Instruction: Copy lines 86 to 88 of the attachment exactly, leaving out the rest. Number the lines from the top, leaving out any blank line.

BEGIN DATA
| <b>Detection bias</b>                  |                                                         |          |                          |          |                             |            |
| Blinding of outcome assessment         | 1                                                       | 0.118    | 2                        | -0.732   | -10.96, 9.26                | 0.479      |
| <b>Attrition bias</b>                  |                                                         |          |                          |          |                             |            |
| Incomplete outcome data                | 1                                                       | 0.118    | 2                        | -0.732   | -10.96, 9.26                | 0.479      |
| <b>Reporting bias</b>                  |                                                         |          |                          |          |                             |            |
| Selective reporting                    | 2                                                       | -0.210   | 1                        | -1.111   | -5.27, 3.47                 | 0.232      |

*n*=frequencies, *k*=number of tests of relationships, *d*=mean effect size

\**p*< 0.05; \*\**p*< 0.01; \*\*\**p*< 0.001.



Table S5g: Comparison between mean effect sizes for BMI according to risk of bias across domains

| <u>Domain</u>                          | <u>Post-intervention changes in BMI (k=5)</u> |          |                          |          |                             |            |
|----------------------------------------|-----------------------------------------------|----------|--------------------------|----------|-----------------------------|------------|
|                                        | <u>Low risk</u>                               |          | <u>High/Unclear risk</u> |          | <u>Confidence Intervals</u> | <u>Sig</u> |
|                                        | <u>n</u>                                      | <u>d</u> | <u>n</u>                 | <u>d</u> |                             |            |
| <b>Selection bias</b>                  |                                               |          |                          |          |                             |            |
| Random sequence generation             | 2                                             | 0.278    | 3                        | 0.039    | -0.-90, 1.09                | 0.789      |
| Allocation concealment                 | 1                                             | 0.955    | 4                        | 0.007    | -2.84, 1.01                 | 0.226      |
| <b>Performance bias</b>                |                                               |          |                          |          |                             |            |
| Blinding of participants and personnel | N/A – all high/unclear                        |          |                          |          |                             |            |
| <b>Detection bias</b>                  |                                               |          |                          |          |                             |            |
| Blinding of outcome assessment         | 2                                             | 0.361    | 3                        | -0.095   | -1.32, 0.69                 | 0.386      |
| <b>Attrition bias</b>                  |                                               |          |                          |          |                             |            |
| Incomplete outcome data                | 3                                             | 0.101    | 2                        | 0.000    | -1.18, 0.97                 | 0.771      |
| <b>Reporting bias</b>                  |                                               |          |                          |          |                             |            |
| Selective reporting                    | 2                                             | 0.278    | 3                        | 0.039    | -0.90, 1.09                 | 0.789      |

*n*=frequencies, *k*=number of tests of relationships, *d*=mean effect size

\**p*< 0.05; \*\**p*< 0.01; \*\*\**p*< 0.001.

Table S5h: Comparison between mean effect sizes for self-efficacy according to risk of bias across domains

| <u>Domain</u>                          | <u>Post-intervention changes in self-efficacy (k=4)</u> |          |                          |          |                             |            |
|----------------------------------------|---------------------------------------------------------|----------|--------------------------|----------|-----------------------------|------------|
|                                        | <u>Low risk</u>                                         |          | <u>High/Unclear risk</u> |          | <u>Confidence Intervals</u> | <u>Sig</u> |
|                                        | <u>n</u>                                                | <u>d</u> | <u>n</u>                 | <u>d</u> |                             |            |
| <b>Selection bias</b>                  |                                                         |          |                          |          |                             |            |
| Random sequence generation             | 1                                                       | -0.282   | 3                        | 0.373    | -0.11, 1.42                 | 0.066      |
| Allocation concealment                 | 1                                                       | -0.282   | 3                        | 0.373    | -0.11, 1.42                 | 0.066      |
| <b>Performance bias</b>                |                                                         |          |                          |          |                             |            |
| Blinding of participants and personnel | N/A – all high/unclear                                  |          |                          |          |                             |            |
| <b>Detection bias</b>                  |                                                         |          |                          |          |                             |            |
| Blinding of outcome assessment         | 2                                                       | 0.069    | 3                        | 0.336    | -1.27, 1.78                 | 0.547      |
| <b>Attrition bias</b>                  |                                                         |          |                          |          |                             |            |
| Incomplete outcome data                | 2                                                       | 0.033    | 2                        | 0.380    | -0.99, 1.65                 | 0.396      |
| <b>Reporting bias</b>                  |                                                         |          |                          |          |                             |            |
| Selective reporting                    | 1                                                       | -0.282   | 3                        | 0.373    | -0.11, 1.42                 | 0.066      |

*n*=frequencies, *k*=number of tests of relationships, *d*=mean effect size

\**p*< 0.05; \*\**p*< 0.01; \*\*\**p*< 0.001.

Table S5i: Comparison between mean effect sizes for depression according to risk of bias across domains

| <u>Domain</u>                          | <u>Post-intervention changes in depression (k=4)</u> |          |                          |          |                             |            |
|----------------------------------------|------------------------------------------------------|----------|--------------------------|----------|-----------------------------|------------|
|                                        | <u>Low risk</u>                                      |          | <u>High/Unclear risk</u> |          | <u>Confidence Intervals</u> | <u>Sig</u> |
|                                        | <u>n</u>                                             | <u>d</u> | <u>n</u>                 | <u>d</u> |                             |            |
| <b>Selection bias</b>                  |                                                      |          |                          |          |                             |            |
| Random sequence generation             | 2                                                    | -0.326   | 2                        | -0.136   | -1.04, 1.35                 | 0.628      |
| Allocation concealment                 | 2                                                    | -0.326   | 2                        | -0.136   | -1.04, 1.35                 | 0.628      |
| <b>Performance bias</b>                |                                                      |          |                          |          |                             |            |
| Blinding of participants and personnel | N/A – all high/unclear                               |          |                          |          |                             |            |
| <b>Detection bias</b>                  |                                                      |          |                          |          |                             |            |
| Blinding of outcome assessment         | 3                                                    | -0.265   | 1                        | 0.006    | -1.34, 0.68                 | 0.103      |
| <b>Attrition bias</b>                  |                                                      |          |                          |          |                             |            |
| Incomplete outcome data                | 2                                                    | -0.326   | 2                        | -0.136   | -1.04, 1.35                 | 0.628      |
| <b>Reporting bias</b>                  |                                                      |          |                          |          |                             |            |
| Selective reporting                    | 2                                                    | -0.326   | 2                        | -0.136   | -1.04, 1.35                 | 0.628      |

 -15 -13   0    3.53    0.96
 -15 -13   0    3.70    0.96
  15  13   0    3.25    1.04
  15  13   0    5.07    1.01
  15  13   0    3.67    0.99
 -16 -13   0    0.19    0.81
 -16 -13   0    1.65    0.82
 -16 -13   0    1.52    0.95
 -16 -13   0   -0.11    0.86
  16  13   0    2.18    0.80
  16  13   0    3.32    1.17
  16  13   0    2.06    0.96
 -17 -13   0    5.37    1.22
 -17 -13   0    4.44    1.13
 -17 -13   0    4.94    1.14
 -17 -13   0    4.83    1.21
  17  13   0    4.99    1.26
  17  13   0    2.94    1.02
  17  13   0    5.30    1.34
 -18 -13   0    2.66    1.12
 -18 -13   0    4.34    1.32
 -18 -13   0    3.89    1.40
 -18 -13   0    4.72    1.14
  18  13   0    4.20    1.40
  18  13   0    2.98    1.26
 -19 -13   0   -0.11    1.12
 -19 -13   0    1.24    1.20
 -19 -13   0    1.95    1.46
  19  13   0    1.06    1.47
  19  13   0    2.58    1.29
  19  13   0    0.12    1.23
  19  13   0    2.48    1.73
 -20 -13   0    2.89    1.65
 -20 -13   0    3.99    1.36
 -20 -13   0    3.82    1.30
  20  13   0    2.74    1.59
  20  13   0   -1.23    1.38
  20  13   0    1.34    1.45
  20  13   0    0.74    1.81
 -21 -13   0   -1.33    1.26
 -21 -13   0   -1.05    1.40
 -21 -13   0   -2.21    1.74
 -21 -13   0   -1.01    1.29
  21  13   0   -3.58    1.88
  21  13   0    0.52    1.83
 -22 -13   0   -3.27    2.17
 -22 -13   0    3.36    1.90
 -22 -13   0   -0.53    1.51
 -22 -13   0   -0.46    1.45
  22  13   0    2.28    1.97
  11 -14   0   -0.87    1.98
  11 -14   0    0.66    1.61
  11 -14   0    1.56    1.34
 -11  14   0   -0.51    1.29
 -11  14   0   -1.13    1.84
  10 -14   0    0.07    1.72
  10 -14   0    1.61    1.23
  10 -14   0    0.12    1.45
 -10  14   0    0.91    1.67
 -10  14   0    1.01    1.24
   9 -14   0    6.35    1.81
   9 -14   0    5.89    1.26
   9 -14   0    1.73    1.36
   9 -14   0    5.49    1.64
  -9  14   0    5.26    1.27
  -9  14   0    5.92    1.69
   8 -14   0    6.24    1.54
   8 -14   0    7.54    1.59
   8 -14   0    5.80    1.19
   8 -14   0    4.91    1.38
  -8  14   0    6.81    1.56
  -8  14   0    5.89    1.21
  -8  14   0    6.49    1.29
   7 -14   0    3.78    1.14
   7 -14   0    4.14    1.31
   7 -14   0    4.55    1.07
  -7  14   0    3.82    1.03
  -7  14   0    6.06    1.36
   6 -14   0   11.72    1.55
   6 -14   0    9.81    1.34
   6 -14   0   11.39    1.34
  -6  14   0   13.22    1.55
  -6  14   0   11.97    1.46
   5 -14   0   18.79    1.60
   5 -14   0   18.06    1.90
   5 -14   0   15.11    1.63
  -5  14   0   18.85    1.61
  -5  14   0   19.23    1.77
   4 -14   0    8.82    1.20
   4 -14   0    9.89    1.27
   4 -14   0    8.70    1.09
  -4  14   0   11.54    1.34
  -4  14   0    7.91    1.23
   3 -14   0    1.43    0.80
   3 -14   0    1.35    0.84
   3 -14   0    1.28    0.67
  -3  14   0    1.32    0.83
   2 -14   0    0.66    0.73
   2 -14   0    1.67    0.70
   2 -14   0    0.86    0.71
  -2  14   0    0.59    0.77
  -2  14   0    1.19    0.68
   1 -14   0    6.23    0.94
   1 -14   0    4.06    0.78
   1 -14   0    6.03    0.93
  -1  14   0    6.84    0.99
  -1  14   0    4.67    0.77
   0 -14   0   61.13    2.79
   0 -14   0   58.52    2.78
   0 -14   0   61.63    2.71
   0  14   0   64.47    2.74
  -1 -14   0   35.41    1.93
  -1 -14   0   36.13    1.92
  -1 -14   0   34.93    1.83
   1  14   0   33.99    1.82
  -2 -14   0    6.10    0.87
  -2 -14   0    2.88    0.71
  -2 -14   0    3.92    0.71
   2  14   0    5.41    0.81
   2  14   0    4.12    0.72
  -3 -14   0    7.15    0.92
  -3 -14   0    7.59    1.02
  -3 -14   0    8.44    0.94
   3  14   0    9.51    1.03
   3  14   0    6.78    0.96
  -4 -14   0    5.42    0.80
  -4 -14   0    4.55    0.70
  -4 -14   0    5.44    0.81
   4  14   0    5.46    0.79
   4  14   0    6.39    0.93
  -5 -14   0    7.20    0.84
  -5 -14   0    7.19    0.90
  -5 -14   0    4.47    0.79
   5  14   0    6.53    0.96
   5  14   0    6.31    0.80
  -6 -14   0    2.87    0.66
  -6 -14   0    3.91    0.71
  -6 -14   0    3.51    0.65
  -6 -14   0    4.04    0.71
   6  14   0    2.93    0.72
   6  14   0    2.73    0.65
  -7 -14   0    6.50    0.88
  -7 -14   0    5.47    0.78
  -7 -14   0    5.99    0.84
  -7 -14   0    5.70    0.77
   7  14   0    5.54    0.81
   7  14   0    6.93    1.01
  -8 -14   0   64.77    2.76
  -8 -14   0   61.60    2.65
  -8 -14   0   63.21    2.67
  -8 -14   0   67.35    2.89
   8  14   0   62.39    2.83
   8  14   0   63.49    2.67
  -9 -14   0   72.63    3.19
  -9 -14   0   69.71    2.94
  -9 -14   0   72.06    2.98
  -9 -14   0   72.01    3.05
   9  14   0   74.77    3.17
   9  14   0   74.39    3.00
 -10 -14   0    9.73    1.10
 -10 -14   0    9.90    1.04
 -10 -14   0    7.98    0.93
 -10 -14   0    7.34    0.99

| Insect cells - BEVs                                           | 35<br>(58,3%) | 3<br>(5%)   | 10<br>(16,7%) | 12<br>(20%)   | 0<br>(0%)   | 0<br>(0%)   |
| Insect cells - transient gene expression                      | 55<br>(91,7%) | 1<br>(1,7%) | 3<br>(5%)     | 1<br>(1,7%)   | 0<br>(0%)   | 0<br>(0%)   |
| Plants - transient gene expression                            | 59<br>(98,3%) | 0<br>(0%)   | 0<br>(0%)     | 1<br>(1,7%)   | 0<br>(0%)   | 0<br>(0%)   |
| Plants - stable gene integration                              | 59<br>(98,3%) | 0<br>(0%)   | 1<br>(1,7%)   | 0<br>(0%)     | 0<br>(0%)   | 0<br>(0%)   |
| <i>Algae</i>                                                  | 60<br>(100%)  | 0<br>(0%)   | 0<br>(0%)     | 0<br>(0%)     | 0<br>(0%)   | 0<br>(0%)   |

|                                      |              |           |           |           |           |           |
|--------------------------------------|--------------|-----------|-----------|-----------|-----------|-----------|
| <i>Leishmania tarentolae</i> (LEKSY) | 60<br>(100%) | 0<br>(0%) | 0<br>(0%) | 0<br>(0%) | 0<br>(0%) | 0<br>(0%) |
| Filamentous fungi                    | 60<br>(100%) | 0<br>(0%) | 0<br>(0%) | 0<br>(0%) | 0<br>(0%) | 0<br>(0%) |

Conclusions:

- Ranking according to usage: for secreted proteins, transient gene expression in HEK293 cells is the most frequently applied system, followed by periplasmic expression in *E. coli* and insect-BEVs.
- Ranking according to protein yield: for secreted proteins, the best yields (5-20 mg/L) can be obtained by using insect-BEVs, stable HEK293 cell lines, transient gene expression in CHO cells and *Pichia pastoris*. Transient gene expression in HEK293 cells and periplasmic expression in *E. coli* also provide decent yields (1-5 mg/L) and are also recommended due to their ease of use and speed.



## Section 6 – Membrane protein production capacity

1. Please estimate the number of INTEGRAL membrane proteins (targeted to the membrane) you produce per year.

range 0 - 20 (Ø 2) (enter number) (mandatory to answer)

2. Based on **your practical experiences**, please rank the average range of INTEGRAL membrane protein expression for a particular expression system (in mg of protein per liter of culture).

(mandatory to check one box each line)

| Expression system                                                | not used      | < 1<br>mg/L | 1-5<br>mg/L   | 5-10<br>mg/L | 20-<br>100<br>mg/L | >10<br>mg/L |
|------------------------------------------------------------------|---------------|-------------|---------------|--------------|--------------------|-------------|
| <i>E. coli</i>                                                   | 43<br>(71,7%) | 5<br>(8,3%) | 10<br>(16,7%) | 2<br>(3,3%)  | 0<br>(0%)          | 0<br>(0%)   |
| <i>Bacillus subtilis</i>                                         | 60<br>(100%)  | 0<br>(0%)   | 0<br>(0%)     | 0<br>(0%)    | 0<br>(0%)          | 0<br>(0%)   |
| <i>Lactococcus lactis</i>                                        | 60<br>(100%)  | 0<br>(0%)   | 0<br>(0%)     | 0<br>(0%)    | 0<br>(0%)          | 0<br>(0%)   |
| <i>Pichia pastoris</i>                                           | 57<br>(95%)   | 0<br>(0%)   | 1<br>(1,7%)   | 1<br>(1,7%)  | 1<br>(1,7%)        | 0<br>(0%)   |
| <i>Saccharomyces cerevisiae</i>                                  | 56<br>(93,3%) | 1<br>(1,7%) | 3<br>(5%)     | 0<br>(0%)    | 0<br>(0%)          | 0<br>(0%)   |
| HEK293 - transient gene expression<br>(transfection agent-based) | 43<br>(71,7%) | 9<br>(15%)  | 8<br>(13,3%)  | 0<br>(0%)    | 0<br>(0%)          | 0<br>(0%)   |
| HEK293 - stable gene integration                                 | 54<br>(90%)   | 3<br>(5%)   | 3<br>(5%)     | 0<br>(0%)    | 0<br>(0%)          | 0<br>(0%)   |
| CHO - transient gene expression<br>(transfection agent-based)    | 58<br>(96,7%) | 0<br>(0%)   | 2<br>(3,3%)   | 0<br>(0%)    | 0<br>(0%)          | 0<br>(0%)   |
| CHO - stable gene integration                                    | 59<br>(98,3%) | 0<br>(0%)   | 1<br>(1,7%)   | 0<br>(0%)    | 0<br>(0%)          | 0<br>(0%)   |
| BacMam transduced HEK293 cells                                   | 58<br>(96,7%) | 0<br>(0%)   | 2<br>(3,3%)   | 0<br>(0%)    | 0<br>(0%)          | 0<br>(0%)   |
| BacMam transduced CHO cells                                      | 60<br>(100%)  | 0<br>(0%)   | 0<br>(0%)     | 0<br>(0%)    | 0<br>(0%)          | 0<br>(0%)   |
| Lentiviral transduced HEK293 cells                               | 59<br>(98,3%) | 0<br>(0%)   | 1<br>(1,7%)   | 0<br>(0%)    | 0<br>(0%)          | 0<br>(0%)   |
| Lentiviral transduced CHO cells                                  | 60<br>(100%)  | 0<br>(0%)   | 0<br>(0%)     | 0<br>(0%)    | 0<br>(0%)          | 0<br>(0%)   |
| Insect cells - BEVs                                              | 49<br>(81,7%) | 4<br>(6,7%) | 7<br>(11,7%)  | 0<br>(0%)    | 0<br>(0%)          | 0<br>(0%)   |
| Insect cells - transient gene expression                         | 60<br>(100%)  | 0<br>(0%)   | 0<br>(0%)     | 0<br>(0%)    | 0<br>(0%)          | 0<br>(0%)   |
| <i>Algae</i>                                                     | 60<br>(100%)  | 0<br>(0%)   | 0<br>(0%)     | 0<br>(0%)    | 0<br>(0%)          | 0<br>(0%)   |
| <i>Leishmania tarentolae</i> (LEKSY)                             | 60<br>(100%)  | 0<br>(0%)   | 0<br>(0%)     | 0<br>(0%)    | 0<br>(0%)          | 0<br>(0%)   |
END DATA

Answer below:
 -19 -13   0   -0.11    1.12
 -19 -13   0    1.24    1.20
 -19 -13   0    1.95    1.46